Outdoor growers try to take advantage of every square foot of their farm for their crop, but the distribution of space can’t always be perfect. Weeds normally try and populate the leftover space next to roadways and in between plots, but what if you could use these little areas to your crop’s advantage?
Extensive research done by the Xerces Society for Invertebrate Conservation has uncovered some interesting findings that can be used to help gardeners and farmers alike, while helping save the environment. It turns out that native wildflowers, grasses and shrubs planted around and in between crops ticks up beneficial insect biodiversity, with some amazing implications. Cannabis gardeners can take advantage of all the benefits while making a cleaner and more environmentally friendly product
1. They Help You Use Less Insecticide
Native plants, especially wildflowers, near and around your garden attract a diverse population of insects. Beneficial insects will keep pest insects in check, allowing you nearly eliminate the use of insecticides. Flowers, grasses and shrubs provide shelter, and their pollen and nectar provide and alternative food source when pests aren’t around for them to eat.
2. They Prevent Soil Erosion Without Dropping Your Yield
Many farms employ rows of trees to prevent erosion from runoff and wind. Tall pine trees block out the sun, meaning the plants growing next to them will yield much less than un-shaded ones. Rows and patches of native shrubs, grasses and wildflowers serve the same purpose just as well, but won’t shade any of your crops, keeping the yields nice and high.
3. They Can Help Make Your Product Truly Organic
Many cannabis growers have already started labeling their products as organic, but what does it take to make a truly organic product? On top of avoiding genetically modified crops and only using organic-approved pesticides, USDA-certified organic growers must also meet biodiversity conservation requirements. A farmer can kill two birds with one stone by sowing native plants around their farm to help conserve biodiversity.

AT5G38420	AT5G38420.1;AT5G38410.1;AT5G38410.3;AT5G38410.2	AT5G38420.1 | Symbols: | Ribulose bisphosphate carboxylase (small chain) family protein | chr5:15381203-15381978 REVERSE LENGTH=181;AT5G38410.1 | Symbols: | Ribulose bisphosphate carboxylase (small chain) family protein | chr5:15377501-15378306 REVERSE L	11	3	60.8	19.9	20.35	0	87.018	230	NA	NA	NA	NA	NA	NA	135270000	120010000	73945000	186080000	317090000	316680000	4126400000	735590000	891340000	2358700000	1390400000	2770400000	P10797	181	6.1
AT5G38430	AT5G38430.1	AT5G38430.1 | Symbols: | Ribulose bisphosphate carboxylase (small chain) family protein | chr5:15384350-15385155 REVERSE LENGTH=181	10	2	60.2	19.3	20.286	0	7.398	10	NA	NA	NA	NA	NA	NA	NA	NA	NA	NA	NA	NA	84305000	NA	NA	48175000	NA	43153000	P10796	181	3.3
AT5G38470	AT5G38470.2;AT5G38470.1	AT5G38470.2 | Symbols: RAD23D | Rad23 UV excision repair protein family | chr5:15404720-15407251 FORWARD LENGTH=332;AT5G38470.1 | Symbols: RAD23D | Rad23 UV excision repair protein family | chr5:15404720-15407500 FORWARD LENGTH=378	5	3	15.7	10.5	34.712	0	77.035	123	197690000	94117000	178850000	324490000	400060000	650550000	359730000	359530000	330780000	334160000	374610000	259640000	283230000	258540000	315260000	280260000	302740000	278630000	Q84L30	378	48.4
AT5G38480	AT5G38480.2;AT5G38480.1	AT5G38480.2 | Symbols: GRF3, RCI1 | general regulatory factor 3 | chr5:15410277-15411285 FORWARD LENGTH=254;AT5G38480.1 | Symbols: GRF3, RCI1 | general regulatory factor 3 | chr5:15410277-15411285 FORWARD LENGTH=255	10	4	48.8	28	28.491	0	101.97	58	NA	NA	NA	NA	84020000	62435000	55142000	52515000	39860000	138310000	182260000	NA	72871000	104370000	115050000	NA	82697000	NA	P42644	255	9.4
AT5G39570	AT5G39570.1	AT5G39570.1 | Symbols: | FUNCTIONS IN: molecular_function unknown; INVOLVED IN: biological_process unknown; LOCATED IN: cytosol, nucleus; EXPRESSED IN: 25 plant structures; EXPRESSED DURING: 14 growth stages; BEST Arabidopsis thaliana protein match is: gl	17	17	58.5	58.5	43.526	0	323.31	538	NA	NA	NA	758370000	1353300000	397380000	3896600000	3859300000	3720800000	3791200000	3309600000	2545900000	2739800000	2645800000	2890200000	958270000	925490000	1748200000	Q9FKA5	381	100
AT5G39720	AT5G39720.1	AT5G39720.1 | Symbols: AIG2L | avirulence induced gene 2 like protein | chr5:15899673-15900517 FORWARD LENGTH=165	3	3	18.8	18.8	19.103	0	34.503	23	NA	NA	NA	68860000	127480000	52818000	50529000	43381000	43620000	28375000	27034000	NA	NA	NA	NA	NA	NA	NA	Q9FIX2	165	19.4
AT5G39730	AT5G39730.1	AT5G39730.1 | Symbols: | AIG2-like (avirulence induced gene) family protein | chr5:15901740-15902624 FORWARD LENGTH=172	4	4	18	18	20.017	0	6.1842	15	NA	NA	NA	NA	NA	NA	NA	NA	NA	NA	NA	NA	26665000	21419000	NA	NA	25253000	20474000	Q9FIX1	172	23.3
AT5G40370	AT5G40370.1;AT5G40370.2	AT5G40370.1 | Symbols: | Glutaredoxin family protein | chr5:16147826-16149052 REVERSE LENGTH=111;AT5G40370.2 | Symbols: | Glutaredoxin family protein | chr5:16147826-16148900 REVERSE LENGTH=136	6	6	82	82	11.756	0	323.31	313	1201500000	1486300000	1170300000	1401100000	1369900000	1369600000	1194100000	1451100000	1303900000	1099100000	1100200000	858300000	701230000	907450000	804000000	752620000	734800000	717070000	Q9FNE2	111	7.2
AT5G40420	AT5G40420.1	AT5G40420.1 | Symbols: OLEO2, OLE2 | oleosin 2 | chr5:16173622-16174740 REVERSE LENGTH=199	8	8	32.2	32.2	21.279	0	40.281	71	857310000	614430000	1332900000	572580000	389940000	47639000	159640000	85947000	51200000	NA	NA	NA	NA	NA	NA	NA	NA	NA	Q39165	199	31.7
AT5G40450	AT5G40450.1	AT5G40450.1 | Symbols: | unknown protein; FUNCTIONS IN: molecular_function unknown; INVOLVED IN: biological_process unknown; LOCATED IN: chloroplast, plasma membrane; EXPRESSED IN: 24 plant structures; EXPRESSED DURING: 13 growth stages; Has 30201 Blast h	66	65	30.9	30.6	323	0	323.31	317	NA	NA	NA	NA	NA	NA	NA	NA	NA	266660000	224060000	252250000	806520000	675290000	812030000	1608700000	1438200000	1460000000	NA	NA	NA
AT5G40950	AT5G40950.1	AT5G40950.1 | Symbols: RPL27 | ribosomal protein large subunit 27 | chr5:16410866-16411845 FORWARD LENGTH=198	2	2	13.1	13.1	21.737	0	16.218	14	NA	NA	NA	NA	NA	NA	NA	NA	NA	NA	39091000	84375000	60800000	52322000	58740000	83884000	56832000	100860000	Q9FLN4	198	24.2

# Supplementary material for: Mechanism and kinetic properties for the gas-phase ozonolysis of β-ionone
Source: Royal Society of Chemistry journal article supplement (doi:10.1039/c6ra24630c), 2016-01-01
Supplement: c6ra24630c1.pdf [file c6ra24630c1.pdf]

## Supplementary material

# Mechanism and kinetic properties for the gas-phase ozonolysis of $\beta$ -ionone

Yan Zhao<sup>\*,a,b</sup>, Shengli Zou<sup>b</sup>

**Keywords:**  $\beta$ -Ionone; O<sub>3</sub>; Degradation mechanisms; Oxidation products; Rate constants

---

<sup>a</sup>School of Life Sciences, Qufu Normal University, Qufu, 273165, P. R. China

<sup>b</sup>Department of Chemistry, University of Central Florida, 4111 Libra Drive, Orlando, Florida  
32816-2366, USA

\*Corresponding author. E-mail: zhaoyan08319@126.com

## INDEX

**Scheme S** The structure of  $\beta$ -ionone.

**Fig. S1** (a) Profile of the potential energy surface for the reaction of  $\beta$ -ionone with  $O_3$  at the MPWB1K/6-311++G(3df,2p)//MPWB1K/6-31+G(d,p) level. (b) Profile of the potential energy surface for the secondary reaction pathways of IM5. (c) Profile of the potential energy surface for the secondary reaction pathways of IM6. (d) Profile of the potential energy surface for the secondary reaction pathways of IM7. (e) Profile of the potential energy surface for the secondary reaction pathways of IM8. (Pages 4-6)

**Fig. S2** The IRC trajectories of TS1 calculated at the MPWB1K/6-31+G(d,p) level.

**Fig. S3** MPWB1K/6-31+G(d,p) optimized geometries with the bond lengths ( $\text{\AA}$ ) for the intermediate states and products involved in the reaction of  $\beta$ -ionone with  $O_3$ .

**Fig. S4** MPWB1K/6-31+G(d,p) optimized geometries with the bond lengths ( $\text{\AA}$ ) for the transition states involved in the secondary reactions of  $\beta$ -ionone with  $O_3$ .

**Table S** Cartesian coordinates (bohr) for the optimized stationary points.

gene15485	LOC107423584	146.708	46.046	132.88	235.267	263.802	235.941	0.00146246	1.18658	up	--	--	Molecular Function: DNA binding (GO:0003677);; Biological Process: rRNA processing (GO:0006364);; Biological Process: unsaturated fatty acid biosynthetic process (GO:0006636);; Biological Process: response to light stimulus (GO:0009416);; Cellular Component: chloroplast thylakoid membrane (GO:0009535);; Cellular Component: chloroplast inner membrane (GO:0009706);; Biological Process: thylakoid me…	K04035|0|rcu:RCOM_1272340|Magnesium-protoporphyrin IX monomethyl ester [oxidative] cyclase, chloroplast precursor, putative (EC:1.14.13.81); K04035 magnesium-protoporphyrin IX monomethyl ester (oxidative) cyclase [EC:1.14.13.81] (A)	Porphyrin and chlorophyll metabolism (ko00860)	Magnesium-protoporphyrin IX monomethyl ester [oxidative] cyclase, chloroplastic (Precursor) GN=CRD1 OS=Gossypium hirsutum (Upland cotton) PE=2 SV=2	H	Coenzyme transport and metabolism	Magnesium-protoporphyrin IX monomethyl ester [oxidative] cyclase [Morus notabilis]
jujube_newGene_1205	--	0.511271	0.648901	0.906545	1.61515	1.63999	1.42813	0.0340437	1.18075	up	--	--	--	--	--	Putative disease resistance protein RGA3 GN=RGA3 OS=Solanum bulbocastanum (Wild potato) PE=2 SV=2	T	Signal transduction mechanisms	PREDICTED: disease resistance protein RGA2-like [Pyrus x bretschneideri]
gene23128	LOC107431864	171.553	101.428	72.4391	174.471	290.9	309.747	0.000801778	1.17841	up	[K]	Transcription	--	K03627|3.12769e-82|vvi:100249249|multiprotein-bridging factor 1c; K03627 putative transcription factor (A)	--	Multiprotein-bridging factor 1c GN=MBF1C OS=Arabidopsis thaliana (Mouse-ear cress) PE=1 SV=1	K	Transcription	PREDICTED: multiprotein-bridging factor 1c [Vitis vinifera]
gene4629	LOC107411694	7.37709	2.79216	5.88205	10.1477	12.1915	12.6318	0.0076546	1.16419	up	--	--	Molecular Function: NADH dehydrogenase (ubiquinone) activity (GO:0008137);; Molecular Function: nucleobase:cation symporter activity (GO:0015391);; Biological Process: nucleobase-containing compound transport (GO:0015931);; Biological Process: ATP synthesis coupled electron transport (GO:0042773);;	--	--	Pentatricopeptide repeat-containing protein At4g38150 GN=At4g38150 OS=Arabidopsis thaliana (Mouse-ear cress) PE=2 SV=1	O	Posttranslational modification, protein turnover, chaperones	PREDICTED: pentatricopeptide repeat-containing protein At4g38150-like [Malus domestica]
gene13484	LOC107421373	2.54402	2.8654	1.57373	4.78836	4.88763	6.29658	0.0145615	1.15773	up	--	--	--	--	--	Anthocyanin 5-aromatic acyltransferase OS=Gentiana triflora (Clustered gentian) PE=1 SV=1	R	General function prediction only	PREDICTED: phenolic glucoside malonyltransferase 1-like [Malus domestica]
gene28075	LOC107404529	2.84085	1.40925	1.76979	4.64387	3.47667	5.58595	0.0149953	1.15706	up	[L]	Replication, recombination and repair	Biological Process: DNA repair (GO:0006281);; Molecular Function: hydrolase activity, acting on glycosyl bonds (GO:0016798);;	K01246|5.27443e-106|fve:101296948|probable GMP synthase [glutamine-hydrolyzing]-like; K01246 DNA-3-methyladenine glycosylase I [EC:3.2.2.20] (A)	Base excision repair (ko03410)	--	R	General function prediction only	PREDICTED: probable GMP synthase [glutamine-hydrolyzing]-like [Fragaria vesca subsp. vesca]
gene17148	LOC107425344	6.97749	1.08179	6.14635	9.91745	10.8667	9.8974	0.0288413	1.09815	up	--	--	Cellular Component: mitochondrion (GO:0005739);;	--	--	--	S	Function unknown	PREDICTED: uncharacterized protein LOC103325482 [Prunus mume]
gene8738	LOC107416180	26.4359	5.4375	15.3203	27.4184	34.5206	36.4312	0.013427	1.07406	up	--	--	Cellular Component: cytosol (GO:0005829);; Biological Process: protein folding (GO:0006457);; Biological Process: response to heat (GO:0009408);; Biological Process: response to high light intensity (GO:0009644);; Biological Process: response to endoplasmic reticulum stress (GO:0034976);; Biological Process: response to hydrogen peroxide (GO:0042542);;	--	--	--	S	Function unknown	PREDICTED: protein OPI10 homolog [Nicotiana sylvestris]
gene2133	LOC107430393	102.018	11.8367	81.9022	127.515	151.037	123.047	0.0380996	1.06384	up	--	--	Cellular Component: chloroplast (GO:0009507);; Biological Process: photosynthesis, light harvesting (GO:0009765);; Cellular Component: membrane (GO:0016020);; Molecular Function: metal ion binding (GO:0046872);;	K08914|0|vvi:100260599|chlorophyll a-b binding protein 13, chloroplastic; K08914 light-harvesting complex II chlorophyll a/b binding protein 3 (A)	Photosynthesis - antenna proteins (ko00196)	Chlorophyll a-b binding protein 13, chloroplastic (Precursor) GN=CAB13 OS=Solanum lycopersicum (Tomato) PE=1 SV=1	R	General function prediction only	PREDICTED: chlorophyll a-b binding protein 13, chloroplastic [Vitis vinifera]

4. Use Them In Any Size Garden Or Farm
Backyard gardens and field crops benefit from native biodiversity in the same exact way. Large farms need to ensure their wildflower patches are distributed evenly through the farm. All you have to do for a small garden is plant a patch next to your cash crop. The technique can be used in greenhouses but care needs to be taken when selecting the plants so they don’t draw pest insects.
5. They Make Your Garden Look And Smell Great
A wildflower patch will make a great smelling cannabis garden smell even better, and gives some color to monotonous green rows of vegetative plants. Wildflowers and tall grasses can also help make your garden stealthy, if that is your concern. A careful arrangement of cannabis plants and native plants could make a high-yielding field of cannabis look like nothing special from the ground or air, while helping to cover up the smell.
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